If you find yourself considering the replacement of doors, windows or skylights here is some useful information from the energy.gov website about how energy performance is rated.
You can use the energy performance ratings of windows, doors, and skylights to tell you their potential for gaining and losing heat, as well as transmitting sunlight into your home.
Performance Testing, Certification, & Labeling
The National Fenestration Rating Council (NFRC) operates a voluntary program that tests, certifies, and labels windows, doors, and skylights based on their energy performance ratings. The NFRC label provides a reliable way to determine a window’s energy properties and to compare products.
The NFRC label can be found on all ENERGY STAR® qualified window, door, and skylight products, but ENERGY STAR bases its qualification only on U-factor and solar heat gain coefficient ratings, which are described below.
Energy properties are measured and rated according to these energy performance characteristics:
- U-factor is the rate at which a window, door, or skylight transmits non-solar heat from outside to inside. It is expressed in units of Btu/hr-ft2-oF. For windows, skylights, and glass doors, a U-factor refers to just the glass or glazing and not the frame. NFRC U-factor ratings represent the entire window and frame performance. A lower U-factor, means a more energy-efficient window, door, or skylight.
- Solar heat gain coefficient (SHGC) is the percentage of solar radiation passed through a window, door, or skylight — either passed directly and/or absorbed and released as heat inside a home. A lower SHGC means less solar heat is transmitted, and the greater the light-blocking ability. A product with a high SHGC rating is more effective at collecting solar heat during the winter. A product with a low SHGC rating is more effective at reducing cooling loads during the summer. Your home’s climate, orientation, and external shading will determine the optimal SHGC for a particular window, door, or skylight.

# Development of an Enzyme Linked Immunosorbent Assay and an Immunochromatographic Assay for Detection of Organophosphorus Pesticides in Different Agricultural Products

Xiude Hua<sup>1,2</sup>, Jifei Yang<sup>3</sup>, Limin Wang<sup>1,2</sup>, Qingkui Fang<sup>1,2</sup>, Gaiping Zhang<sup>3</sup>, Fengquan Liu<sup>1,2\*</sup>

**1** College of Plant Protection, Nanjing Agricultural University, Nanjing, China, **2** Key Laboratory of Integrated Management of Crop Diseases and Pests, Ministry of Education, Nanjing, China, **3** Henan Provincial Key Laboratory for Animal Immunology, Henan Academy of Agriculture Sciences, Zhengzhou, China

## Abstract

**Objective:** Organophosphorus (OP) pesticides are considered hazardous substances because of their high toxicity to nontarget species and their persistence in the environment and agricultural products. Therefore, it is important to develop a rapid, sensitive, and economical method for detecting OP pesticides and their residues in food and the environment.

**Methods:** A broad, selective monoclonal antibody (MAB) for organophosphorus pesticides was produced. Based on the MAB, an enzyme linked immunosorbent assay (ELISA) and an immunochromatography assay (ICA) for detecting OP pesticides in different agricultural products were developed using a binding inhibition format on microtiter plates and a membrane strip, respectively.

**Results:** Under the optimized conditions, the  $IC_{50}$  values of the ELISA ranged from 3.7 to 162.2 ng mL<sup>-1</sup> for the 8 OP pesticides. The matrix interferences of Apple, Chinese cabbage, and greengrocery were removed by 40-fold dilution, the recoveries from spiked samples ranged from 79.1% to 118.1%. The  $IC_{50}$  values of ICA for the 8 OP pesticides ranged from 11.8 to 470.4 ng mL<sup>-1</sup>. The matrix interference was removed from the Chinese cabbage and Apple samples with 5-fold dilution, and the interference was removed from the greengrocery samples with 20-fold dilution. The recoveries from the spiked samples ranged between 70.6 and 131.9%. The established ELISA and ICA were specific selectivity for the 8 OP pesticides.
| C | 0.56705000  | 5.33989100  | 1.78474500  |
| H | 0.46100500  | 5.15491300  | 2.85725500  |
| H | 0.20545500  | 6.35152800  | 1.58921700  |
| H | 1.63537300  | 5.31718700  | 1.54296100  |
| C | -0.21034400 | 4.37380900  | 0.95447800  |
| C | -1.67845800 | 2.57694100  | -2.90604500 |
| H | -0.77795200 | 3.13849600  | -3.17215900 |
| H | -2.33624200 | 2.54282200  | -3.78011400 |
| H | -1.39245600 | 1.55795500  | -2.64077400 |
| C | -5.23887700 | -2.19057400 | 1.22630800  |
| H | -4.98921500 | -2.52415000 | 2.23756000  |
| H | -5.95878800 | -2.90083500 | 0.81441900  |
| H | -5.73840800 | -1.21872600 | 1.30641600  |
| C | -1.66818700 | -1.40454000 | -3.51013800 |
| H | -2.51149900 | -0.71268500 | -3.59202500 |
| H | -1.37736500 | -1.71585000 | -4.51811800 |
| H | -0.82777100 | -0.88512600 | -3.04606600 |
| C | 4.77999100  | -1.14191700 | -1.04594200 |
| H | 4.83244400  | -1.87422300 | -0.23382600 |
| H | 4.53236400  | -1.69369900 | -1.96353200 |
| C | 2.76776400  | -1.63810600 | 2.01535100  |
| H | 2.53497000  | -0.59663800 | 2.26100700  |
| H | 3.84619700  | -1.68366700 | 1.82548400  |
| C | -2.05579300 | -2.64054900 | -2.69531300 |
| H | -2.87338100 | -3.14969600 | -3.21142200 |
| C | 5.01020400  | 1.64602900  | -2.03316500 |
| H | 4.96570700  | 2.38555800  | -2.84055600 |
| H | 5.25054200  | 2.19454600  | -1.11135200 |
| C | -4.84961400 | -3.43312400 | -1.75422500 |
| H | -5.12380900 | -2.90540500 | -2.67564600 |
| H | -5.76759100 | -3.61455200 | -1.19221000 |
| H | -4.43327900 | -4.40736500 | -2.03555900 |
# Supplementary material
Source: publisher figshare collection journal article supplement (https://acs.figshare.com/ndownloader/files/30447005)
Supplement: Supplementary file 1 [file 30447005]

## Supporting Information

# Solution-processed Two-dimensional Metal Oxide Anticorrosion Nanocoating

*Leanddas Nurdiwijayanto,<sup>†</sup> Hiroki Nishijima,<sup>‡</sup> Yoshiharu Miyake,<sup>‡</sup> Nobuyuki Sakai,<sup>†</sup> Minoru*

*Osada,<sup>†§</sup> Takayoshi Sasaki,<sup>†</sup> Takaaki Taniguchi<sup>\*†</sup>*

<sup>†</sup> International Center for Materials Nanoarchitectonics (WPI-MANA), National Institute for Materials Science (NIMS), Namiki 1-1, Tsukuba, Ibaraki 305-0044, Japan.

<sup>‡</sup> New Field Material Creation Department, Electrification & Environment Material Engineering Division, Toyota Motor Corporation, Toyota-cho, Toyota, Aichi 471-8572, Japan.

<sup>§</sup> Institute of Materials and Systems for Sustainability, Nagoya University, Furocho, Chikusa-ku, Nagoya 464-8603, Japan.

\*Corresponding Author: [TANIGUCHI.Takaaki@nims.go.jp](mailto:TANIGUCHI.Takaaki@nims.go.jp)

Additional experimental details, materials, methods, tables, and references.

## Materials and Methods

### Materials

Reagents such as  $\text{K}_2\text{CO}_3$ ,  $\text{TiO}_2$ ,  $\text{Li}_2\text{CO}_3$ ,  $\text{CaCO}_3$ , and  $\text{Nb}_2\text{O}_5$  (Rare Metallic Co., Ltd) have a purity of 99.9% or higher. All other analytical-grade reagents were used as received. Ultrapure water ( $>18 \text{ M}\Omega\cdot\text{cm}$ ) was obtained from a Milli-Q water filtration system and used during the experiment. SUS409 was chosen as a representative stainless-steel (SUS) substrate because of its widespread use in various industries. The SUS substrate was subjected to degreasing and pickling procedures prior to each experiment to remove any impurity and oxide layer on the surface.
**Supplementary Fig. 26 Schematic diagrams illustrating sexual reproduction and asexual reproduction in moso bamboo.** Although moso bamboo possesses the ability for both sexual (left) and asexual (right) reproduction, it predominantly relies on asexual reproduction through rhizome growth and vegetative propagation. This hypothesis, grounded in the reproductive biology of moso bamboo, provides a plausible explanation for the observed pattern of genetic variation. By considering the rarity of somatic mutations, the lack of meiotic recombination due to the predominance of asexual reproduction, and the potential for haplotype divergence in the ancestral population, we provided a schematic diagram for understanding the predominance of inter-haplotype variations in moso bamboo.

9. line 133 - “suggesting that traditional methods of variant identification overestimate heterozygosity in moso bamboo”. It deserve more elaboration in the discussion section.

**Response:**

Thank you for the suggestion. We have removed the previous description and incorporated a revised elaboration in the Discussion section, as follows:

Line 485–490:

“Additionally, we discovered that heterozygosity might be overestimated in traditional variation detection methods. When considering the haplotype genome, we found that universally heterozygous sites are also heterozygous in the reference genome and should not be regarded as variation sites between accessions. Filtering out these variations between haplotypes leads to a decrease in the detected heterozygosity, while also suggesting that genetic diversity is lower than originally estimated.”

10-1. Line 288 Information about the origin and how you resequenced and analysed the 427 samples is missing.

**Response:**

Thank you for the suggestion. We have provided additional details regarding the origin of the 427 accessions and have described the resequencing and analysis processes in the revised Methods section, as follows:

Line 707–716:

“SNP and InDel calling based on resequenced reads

- Air leakage rate is the rate of air movement around a window, door, or skylight when air pressure is higher on one side than the other. We express Air leakage rate in units of cubic feet per minute per square foot of frame area (cfm/ft2). A product with a low air leakage rating is tighter than one with a high air leakage rating. Note that proper installation greatly affects air leakage.
The degree to which the glazing in a window, door, or skylight transmits sunlight into a home can be measured and rated according to the following energy performance characteristics:
- Visible transmittance (VT) is the percentage of the visible spectrum of sunlight (380 to 720 nanometers), weighted by the sensitivity of the human eye, being transmitted through the glazing of a door, window, or skylight. A higher VT value means moret visible light. VT is transmitted. The value is expressed as a number between 0 and 1. The VT you need for a door, window, or skylight can be determined by your home’s daylighting requirements and/or whether you need to reduce interior glare in a space.
- Light-to-solar gain (LSG)is the ratio between the SHGC and VT. It provides a gauge of the relative efficiency of different glass or glazing types in transmitting daylight while blocking heat gains. The higher the number, the more light is transmitted without adding heat. This energy performance rating isn’t always provided.
Review the state fact sheets or use the window selection tool for new construction or existing homes from the Efficient Windows Collaborative to determine the desired performance ratings for your climate.
Vero Beach Window Cleaners shares this information to help you make informed future decisions about the windows, doors, and skylights in your home or office. In the meantime, why not let the expert window cleaners at Vero Beach Window Cleaners give you a new outlook on like by professionally cleaning the windows in your home or office.
Call us today at (772) 281-7759.